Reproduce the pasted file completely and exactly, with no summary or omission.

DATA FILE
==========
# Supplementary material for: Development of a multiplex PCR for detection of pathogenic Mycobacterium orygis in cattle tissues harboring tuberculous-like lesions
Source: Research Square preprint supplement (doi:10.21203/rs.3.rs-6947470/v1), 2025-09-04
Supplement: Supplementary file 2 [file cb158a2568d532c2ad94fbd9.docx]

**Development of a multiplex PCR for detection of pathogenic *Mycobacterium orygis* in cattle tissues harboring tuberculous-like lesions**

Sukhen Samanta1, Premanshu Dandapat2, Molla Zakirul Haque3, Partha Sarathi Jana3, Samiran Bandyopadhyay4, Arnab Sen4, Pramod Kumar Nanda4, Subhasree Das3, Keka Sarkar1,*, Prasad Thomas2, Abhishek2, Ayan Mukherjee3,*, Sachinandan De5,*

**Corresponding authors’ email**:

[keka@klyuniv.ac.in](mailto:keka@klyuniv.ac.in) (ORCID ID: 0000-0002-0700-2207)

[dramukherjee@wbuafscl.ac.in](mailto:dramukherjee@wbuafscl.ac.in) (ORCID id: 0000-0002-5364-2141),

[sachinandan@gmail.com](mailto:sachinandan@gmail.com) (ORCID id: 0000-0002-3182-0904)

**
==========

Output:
# Supplementary material for: Development of a multiplex PCR for detection of pathogenic Mycobacterium orygis in cattle tissues harboring tuberculous-like lesions
Source: Research Square preprint supplement (doi:10.21203/rs.3.rs-6947470/v1), 2025-09-04
Supplement: Supplementary file 2 [file cb158a2568d532c2ad94fbd9.docx]

**Development of a multiplex PCR for detection of pathogenic *Mycobacterium orygis* in cattle tissues harboring tuberculous-like lesions**

Sukhen Samanta1, Premanshu Dandapat2, Molla Zakirul Haque3, Partha Sarathi Jana3, Samiran Bandyopadhyay4, Arnab Sen4, Pramod Kumar Nanda4, Subhasree Das3, Keka Sarkar1,*, Prasad Thomas2, Abhishek2, Ayan Mukherjee3,*, Sachinandan De5,*

**Corresponding authors’ email**:

[keka@klyuniv.ac.in](mailto:keka@klyuniv.ac.in) (ORCID ID: 0000-0002-0700-2207)

[dramukherjee@wbuafscl.ac.in](mailto:dramukherjee@wbuafscl.ac.in) (ORCID id: 0000-0002-5364-2141),

[sachinandan@gmail.com](mailto:sachinandan@gmail.com) (ORCID id: 0000-0002-3182-0904)

**